@chocobo: This is basically what I do, and bartering is always an option such as buying and selling to friends or trading with neighbors. There are extensive trading communities out there for video games and they don’t cost anything to use other than shipping. Every time I buy a game or other product here in NY state I have to pay 8.75% sales tax so the price has to be low enough to get me to pay the extra nearly 9%. I buy very little products from retail stores here other than the essentials. Clothing only has a 4% sales tax here. I am a big yard sale shopper so I try to buy whatever I can at sales instead of in retail especially if its common stuff you see at almost every yard sale you go to. Added bonus is cheaper prices overall. Merchandise is the same or better than what you can get in retail stores. I don’t buy anything that is disgusting. I stay local so gasoline is not an issue. Instead of spending a Saturday afternoon filling up the cart in Walmart like everyone else does I fill up the trunk with yard sale buys(although I do shop at Walmart as well)!

      All thrifts charge full sales tax here so again, the price has to be very low or the item has to be very good in order for me to buy it.

      • vastrightwing says:

        @Outrun1986: There is no fair tax. By its very definition, a tax is coerced. People never willingly pay taxes. If you were to make taxes optional, imagine what would happen. The government is not fiscally responsible and deserves to be stripped of its ability to tax, but that won’t happen. Giving it yet more options to tax is suicide.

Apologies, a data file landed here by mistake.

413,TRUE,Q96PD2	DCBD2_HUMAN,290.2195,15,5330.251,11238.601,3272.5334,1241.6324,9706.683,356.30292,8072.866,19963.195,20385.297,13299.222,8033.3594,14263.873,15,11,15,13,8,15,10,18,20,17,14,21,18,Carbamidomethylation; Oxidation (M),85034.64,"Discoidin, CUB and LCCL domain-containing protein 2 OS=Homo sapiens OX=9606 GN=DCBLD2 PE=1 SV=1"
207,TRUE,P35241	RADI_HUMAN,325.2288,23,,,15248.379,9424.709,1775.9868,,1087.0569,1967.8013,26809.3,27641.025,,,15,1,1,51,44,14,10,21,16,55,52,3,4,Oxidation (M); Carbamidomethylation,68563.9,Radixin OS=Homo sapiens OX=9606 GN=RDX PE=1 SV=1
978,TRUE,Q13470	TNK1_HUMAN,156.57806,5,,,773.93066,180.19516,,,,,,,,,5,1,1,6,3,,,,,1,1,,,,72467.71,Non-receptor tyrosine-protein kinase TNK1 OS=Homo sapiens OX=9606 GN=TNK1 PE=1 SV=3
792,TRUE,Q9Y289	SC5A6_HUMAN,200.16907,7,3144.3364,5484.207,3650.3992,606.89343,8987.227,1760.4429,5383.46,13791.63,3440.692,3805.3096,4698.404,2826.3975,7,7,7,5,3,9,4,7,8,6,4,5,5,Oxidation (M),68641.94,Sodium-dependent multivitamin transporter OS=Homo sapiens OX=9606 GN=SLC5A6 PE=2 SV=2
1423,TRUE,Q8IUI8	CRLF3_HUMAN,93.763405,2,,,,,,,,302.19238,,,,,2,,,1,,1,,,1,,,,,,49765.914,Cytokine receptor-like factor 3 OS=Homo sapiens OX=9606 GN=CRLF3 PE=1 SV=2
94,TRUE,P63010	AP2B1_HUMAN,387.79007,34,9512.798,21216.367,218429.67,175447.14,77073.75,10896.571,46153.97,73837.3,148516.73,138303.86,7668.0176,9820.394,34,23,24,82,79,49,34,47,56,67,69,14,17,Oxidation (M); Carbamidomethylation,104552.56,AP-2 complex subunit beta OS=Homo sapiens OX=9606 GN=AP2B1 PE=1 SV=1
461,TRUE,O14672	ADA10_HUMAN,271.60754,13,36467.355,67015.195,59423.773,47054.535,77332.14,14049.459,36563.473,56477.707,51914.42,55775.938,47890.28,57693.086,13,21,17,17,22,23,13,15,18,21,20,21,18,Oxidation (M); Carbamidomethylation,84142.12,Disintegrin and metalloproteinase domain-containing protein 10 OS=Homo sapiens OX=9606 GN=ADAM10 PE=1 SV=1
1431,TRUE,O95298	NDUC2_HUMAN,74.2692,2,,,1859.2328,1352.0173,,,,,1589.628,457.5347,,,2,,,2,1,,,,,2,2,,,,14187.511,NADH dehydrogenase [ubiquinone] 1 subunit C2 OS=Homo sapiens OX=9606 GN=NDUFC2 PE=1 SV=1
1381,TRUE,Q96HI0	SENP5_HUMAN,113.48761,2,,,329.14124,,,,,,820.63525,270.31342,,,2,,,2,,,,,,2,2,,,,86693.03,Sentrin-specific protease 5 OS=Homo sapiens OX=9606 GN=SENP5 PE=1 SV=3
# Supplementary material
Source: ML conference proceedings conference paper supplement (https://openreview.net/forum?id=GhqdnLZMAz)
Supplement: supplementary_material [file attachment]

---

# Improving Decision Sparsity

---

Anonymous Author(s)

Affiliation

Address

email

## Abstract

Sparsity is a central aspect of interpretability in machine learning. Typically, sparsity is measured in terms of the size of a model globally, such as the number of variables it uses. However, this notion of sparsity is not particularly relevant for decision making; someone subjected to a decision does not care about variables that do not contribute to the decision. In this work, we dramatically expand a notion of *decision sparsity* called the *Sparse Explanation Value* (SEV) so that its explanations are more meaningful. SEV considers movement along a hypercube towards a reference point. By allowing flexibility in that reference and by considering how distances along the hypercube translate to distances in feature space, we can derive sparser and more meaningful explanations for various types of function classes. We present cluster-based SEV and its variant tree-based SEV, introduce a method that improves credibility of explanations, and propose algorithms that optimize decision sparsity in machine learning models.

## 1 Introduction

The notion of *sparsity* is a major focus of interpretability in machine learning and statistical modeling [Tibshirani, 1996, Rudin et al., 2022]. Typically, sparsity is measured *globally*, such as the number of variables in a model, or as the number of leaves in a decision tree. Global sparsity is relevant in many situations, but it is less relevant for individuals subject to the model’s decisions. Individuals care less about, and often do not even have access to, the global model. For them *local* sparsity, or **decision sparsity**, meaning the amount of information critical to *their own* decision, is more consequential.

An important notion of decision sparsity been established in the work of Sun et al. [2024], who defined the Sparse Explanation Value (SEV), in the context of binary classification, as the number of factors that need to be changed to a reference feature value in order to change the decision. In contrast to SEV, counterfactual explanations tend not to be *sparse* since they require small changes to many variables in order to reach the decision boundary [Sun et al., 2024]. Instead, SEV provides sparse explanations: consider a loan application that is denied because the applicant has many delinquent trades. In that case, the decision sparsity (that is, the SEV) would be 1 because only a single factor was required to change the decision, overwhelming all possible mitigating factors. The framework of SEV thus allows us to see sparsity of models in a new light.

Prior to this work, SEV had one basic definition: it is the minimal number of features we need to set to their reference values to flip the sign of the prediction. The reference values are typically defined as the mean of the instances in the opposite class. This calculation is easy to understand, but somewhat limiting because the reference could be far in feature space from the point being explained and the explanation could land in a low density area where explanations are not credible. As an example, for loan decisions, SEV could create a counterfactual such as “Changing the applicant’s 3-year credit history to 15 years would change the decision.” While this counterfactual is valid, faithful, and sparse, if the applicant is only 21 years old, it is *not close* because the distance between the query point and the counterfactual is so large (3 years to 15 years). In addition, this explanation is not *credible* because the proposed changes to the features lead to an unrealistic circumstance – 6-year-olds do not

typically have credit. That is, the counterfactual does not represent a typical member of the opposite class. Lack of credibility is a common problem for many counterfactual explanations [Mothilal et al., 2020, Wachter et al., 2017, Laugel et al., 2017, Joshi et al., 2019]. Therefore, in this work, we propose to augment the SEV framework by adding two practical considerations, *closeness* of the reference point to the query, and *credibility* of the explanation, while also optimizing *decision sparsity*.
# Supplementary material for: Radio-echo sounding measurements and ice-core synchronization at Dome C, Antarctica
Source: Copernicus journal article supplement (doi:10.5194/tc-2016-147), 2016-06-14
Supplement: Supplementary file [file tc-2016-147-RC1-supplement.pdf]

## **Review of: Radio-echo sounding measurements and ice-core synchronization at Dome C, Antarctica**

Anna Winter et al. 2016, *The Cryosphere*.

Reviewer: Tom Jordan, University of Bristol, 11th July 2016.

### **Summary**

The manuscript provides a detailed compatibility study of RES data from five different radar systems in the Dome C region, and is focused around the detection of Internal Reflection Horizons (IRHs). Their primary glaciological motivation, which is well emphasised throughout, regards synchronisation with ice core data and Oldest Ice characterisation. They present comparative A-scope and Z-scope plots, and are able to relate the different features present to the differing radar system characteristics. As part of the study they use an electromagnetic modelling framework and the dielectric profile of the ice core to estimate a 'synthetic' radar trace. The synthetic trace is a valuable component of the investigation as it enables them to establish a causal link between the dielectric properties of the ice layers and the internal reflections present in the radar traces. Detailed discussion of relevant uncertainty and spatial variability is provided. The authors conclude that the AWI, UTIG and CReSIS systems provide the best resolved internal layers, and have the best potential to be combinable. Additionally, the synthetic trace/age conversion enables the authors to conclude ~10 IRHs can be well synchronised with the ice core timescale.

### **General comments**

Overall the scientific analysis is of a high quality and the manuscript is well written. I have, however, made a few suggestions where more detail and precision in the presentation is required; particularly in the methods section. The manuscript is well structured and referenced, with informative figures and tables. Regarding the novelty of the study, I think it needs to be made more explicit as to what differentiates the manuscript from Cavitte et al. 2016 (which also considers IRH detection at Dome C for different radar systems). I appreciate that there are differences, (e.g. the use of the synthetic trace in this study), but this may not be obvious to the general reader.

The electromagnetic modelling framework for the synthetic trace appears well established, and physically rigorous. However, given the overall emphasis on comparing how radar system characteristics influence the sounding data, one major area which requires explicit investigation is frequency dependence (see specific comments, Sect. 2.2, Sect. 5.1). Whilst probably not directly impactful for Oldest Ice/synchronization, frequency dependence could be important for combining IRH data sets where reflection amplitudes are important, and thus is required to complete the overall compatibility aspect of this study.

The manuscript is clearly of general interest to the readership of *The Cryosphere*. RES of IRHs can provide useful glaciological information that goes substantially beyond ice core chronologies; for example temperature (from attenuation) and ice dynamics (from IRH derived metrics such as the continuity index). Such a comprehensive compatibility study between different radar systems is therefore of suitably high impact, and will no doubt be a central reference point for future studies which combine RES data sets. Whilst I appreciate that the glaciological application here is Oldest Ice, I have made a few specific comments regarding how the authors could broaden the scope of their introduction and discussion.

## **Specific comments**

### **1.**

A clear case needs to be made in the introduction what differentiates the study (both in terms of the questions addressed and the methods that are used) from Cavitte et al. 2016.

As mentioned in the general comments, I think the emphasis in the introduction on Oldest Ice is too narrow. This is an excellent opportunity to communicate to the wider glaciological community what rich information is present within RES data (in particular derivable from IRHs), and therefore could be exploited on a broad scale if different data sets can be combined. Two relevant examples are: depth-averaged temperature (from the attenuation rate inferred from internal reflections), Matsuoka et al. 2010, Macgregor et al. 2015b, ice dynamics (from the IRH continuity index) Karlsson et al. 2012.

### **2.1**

• David Brodbeck says:

          @vastrightwing: Well, you could always move somewhere where that’s the case. I understand Somalia is a good choice at the moment; taxes are entirely optional there, since there’s no national government.

        • Ubik2501 says:

          @vastrightwing: “If you were to make taxes optional, imagine what would happen.”

          It depends. Do you have the financial, material and labor resources to provide your own police and fire services, build the roads to support them, the schools to educate your children, defend your territory from incursions on your sovereignty, and so on?

          • the_wiggle says:

            @Ubik2501: nope. most folks don’t. which is why i don’t object to paying a reasonable share & why i do object to my reasonable share being pissed away.

  23. Unsolicited Advice says:

    Fair Tax advocates and national sales tax advocates tend to miss two important points:

    1.) The top 50% of wage earners pay 96.93% of American taxes. A sales tax or fair tax redistributes an immense tax burden to lower-income citizens.

    [www.ntu.org]

    2.) The economic impact of consumption-based taxes is rarely analyzed in “revenue-neutral” schemes. ~70% of our economic activity is consumer-driven, meaning all that spending creates jobs. Sales taxes have a deleterious effect on spending – rates would need to be higher than estimated. That effect, of course, must be balanced against the “wealth effects” of the end of income taxes.

    • Steven Edwards says:

      @Unsolicited Advice: Your first point doesn’t acknowledge the FairTax’s prebate system:

      How does the prebate work?